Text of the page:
The drovers in the Brecon Beacons

The sight of animals being transported around the country is very familiar to many of us in Wales. Modern machinery and vehicles make it a relatively easy task. For our ancestors, it was a very different matter.

Livestock used to be driven over long distances on foot by men called drovers. The highly desirable Welsh black cattle were commonly transported to the markets and fairs of England in this way. Sheep, pigs, geese and oxen would be also led to market, wearing special shoes to protect their feet on their long journey.

The Brecon Beacons droving routes

The Brecon Beacons National Park has a rich droving history as it is on one of the main routes running from west to east across the country. A number of drovers’ pubs and inns were situated along these well trodden routes, providing rest and food for the men and their animals.

Droving such large herds, often hundreds strong, was not without its difficulties. The animals had to be in top condition when they arrived at market so that they would fetch the best possible price.

The drovers needed a deep understanding of their animals so that they did not lead them too quickly, and made sure they had plenty of food and rest. However, the drovers still had to keep a pace of 15 to 20 miles a day so that they reached their destination on time.

Man and dog, working in partnership

The drovers often used dogs to assist them. A variety of breeds were used depending on the drovers’ preferences and the size of the herd they were in charge of.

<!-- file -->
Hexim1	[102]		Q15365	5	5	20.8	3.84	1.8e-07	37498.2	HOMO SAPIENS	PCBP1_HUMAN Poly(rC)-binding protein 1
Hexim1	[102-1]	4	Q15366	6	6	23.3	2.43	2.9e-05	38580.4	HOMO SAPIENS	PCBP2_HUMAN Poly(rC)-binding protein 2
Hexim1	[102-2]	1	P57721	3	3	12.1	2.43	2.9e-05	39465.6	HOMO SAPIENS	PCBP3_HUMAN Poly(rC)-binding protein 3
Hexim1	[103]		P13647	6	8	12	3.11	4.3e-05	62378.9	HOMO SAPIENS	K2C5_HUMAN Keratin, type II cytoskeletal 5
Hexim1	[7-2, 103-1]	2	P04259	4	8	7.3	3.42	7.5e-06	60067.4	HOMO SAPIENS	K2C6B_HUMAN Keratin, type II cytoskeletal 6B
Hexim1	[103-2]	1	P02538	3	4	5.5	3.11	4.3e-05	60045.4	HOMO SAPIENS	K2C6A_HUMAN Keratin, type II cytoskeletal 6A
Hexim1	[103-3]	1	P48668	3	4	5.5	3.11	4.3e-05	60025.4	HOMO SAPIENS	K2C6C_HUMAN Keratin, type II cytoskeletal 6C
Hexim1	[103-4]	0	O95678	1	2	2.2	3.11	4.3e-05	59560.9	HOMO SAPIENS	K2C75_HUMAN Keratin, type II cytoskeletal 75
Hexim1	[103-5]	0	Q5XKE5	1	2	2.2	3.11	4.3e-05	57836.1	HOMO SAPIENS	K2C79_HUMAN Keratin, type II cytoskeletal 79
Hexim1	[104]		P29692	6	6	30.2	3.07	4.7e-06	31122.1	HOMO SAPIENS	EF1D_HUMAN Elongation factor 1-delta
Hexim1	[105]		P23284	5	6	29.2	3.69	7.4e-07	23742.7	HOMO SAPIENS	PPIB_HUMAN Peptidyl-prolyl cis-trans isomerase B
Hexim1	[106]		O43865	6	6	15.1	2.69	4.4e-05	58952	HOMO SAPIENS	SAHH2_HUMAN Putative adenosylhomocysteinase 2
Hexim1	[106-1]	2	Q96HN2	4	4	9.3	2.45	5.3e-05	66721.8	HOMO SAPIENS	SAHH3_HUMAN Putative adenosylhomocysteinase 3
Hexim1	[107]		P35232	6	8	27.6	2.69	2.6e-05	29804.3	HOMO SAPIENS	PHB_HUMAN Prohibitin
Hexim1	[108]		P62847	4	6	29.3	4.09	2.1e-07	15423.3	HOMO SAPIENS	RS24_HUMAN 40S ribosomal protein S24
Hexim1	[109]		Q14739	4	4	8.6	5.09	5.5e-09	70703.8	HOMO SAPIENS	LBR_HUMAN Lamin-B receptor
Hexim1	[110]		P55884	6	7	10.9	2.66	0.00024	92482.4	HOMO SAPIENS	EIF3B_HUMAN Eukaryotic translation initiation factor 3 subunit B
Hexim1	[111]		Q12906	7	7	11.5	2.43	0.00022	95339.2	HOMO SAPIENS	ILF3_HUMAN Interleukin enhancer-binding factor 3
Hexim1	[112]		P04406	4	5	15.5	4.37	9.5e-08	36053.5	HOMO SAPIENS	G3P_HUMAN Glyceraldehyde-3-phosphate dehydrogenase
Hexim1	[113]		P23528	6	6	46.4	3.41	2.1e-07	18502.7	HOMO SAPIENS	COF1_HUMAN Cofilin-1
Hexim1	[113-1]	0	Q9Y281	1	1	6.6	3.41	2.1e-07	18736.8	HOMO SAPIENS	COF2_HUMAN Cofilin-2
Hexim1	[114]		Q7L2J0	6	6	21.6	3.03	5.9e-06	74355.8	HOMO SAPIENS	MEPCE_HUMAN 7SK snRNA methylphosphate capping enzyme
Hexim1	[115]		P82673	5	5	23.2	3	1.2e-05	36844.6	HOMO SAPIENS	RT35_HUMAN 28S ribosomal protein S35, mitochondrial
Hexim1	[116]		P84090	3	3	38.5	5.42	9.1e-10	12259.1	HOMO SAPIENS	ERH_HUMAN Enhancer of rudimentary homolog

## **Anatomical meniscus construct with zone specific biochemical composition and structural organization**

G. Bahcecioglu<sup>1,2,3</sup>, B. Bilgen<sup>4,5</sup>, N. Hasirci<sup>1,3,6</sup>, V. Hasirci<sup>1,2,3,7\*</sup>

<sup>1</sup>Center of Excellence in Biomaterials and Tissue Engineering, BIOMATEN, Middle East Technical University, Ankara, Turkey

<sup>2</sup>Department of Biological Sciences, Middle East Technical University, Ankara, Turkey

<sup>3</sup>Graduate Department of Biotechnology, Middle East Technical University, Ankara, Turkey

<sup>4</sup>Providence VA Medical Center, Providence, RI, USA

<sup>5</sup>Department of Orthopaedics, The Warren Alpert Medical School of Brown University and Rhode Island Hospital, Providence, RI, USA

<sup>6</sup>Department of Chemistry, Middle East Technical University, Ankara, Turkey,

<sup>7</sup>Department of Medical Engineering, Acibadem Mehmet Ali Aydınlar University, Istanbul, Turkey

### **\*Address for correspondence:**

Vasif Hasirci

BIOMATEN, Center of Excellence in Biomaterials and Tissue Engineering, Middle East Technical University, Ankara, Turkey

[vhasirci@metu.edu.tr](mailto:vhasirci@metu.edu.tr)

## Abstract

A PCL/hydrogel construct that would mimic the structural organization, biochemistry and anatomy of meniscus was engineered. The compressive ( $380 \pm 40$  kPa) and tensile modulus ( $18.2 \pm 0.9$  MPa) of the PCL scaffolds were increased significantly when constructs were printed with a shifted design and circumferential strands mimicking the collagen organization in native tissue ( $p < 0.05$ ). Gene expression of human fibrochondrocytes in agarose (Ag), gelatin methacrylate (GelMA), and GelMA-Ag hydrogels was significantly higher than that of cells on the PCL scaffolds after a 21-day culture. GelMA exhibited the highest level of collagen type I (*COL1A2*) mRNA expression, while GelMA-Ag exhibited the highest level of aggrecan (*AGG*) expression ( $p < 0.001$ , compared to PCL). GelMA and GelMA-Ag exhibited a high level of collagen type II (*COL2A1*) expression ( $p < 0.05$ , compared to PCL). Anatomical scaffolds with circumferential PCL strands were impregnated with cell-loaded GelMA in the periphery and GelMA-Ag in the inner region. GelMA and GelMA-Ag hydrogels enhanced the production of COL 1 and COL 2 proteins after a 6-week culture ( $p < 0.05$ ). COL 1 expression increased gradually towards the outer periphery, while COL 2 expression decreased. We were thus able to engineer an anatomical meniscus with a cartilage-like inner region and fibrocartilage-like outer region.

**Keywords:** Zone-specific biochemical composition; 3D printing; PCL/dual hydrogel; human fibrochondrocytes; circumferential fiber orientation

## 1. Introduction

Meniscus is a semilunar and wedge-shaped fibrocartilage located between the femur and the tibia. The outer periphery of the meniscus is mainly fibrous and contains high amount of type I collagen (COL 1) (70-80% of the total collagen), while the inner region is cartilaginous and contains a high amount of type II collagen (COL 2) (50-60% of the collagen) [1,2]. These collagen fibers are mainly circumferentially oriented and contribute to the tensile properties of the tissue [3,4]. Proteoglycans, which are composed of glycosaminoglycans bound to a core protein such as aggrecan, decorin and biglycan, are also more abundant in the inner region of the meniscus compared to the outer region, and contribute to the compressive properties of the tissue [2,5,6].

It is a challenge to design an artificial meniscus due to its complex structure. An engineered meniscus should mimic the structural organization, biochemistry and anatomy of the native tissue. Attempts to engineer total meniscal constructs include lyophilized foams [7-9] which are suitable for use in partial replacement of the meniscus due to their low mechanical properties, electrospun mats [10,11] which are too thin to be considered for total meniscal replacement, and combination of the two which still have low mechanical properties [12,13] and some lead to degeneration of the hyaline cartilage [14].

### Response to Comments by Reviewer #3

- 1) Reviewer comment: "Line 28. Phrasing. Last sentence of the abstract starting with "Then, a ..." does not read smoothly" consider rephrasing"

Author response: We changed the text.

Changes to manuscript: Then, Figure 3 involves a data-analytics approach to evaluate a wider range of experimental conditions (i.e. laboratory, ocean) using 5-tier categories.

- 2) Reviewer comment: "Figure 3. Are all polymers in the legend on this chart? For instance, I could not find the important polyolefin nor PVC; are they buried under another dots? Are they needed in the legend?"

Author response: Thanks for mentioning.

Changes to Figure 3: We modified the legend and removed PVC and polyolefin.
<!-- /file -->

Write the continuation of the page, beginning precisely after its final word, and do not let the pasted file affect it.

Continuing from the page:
Welsh corgis were often chosen. They were ideal because they were quick and agile enough to keep the animals on the road, whilst being small enough to avoid being kicked.

Once the drove was over, the dogs would often run home ahead of the owner, stopping at the same pubs and inns as they had on the way. When a drover’s wife welcomed the dog home, she knew to expect her husband in a day or so.

Carrying cash, delivering the news

As well as being responsible for hundreds of animals, Drovers were very often entrusted with large sums of money to take to London to pay rents owed to landlords and other financial transactions not related to livestock trade. This growing trade with London led to a number of drovers’ banks being set up.

The Black Ox Bank in Llandovery, founded in 1799 had a black ox on its notes to symbolise its links with the drovers. Lloyds Bank in the centre of Brecon stands on the site of the Brecon Old Bank established in 1778, which financed many Drovers.

In our modern world it’s easy to keep up with the news through television and the internet. At the time of the drovers however, communications between rural Wales and the rest of the world was limited. The drovers played an important part in the passing on of news of world affairs to the Welsh community. News of current events and the latest fashions were eagerly awaited. It is thought that Wales learnt of the Battle of Waterloo and the defeat of Napoleon through the drovers.

An honourable trade

Because of the responsibilities associated with their role, possible Drovers were carefully vetted. Only men, who owned a house, were married and above the age of 30 could apply. Once successful, they were issued a licence. The livelihood of many farmers depended on their honesty and skill.

Droving slowly died out with the coming of the railways and better transport. It had been a part of rural life for many hundreds of years. As well as transporting animals to the markets and fairs of England, the drovers played a vital role in forging an important economic and cultural link between Wales and the rest of the world.

This short history of droving was kindly provided by Brecknock Museum and Art Gallery.